CPSC Warns As Small Battery Use Increases, So Do Battery Related Injuries and Deaths. Toddlers and Seniors Are The Most Often Injured in Battery Swallowing Incidents
WASHINGTON, D.C. - Small batteries can be found in products in nearly every home in America. From hearing aids, watches, the flashlight sitting on the table, to the remote control next to the TV, "button batteries" as they are commonly referred to, are in thousands of products used in and around the home. Young children and senior adults are unintentionally swallowing small batteries and in some cases, the consequences are immediate and devastating.
A recent study conducted by Dr. Toby Litovitz of the National Capital Poison Center, found that small battery related incidents resulting in severe injury and fatality have increased sevenfold since 1985. The majority of reported incidents involve 20 mm diameter, or larger, 3 volt batteries. Occasionally, a swallowed battery will pass through the intestine. Most often, however, batteries that become lodged in the throat or intestine can generate and release hydroxide, resulting in dangerous chemical burns.
Incidents most often involve children younger than four years old and senior adults. In the majority of incidents, children gain access to batteries directly from games, toys, calculators, remote controls and other items commonly left within a child's reach. Senior adults have swallowed hearing aids batteries after mistaking them for pills.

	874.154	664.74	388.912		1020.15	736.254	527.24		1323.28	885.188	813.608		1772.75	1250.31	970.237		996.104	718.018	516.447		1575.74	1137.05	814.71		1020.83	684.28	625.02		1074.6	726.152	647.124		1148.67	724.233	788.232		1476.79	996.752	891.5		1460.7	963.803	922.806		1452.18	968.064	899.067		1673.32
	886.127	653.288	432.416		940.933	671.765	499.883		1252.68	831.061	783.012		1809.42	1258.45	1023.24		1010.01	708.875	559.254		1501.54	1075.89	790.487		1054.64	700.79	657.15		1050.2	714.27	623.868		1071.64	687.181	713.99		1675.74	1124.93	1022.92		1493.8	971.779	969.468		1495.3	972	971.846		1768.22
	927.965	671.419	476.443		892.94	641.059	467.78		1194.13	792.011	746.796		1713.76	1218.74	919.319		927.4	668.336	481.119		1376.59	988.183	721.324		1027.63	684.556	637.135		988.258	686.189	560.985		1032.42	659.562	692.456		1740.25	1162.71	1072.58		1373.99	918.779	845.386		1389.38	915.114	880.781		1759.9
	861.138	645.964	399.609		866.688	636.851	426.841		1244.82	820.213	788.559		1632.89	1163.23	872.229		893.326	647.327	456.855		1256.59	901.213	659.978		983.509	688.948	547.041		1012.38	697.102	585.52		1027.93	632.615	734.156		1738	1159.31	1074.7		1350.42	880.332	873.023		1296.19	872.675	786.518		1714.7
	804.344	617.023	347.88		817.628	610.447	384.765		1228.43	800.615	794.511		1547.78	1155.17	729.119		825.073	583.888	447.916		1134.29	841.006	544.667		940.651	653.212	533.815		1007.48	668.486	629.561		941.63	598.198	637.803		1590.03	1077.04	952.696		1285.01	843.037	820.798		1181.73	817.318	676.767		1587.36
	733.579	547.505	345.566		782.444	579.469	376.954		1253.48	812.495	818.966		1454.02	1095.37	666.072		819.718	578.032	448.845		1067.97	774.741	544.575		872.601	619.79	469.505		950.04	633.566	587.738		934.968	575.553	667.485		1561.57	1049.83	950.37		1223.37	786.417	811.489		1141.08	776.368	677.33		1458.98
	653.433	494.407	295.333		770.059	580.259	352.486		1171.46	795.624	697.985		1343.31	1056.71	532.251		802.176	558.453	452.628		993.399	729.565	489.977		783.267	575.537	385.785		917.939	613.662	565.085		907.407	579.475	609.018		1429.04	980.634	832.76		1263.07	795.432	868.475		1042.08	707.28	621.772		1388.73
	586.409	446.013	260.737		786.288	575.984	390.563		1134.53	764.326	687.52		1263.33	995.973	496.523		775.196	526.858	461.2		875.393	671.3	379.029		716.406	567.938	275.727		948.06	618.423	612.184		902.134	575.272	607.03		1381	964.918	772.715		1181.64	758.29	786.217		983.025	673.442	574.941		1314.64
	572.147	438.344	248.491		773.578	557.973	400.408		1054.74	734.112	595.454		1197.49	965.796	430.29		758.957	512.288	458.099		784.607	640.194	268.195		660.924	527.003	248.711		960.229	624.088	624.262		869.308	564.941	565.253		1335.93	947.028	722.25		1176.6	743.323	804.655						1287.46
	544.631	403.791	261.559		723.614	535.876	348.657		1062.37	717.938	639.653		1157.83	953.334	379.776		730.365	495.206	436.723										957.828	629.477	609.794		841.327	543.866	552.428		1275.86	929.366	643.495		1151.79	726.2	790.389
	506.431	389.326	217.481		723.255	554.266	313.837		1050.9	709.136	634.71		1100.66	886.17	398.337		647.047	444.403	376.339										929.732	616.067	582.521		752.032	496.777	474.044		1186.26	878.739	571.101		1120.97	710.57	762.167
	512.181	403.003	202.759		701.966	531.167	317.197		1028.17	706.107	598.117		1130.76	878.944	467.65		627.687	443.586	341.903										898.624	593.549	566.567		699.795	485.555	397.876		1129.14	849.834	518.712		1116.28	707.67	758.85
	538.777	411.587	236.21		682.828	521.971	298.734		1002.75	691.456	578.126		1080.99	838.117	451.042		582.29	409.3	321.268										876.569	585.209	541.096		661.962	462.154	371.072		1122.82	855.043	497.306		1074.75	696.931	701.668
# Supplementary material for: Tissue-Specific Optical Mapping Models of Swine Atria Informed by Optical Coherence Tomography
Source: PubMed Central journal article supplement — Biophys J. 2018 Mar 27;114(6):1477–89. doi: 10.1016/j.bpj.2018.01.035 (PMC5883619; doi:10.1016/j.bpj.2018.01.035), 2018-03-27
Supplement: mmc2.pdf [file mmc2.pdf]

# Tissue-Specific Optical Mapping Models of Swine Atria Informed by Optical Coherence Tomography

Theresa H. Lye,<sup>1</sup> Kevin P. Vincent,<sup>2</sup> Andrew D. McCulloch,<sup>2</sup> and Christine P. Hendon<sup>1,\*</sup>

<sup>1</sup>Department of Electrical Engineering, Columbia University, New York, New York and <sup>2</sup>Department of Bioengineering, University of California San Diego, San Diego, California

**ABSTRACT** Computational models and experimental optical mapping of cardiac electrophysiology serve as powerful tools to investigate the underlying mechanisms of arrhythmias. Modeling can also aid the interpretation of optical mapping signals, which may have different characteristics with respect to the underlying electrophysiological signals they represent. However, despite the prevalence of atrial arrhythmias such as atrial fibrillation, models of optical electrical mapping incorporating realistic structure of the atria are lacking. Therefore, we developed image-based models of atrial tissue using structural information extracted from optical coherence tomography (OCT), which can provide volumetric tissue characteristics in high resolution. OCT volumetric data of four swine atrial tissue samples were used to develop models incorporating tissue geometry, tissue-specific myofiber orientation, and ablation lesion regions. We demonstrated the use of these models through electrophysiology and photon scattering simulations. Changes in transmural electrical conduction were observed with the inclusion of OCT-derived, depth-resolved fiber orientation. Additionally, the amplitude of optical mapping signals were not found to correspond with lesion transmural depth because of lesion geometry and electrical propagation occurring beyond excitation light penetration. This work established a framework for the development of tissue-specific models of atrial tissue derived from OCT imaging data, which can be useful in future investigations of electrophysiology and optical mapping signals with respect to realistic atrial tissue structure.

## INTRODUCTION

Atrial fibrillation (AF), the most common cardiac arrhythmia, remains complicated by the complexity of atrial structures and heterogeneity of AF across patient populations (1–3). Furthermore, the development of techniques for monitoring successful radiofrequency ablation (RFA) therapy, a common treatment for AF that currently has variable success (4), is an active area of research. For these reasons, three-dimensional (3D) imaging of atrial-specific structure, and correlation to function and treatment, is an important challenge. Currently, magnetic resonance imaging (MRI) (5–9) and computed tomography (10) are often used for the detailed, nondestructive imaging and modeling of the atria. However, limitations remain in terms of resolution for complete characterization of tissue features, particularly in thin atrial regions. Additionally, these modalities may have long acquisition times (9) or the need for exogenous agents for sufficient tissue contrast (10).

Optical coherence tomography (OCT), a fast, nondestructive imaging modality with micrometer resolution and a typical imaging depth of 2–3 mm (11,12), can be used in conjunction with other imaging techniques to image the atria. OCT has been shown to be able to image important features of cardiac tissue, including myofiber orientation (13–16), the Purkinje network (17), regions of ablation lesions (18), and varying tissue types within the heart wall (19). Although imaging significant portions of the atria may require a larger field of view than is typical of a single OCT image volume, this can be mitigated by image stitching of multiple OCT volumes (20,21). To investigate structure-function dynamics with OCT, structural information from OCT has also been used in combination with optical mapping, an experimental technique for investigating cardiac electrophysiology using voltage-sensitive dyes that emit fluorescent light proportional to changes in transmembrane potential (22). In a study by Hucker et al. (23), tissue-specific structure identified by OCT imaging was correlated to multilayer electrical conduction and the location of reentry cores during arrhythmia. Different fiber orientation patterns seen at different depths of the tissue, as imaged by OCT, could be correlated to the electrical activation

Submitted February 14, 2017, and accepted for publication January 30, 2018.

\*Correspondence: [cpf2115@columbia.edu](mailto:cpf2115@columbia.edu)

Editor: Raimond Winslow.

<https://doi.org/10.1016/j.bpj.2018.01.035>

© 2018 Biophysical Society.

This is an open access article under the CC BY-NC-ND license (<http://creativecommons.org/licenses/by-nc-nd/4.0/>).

Parents often are unaware that a child has swallowed a small battery, which makes it difficult to diagnose the problem. In fact, in the recent study, more than 60 percent of reported incidents initially were misdiagnosed. Symptoms resemble ailments common in children, such as an upset stomach and fever, and in some incidents, there are no symptoms at all.
"These incidents are preventable and CPSC is working to get ahead of this emerging hazard quickly," said CPSC Chairman Inez Tenenbaum. "Our consumer awareness efforts and outreach to the electronics industry are under way."
CPSC has reached out to the electronics industry and battery manufacturers, urging them to develop warnings and industry standards to address this issue.
CPSC recommends the following steps to prevent unintentional battery ingestion:
- Discard button batteries carefully.
- Do not allow children to play with button batteries, and keep button batteries out of your child's reach.
- Caution hearing aid users to keep hearing aids and batteries out of the reach of children.
- Never put button batteries in your mouth for any reason as they are easily swallowed accidentally.
- Always check medications before ingesting them. Adults have swallowed button batteries mistaken for pills or tablets.
- Keep remotes and other electronics out of your child's reach if the battery compartments do not have a screw to secure them. Use tape to help secure the battery compartment.
- If a button battery is ingested, immediately seek medical attention. The National Battery Ingestion Hotline is available anytime at (202) 625-3333 (call collect if necessary), or call your poison center at (800) 222-1222.
How much do you know about button batteries for hearing aids? Take this quiz (pdf) to find out.
Source: Consumer Product Safety Council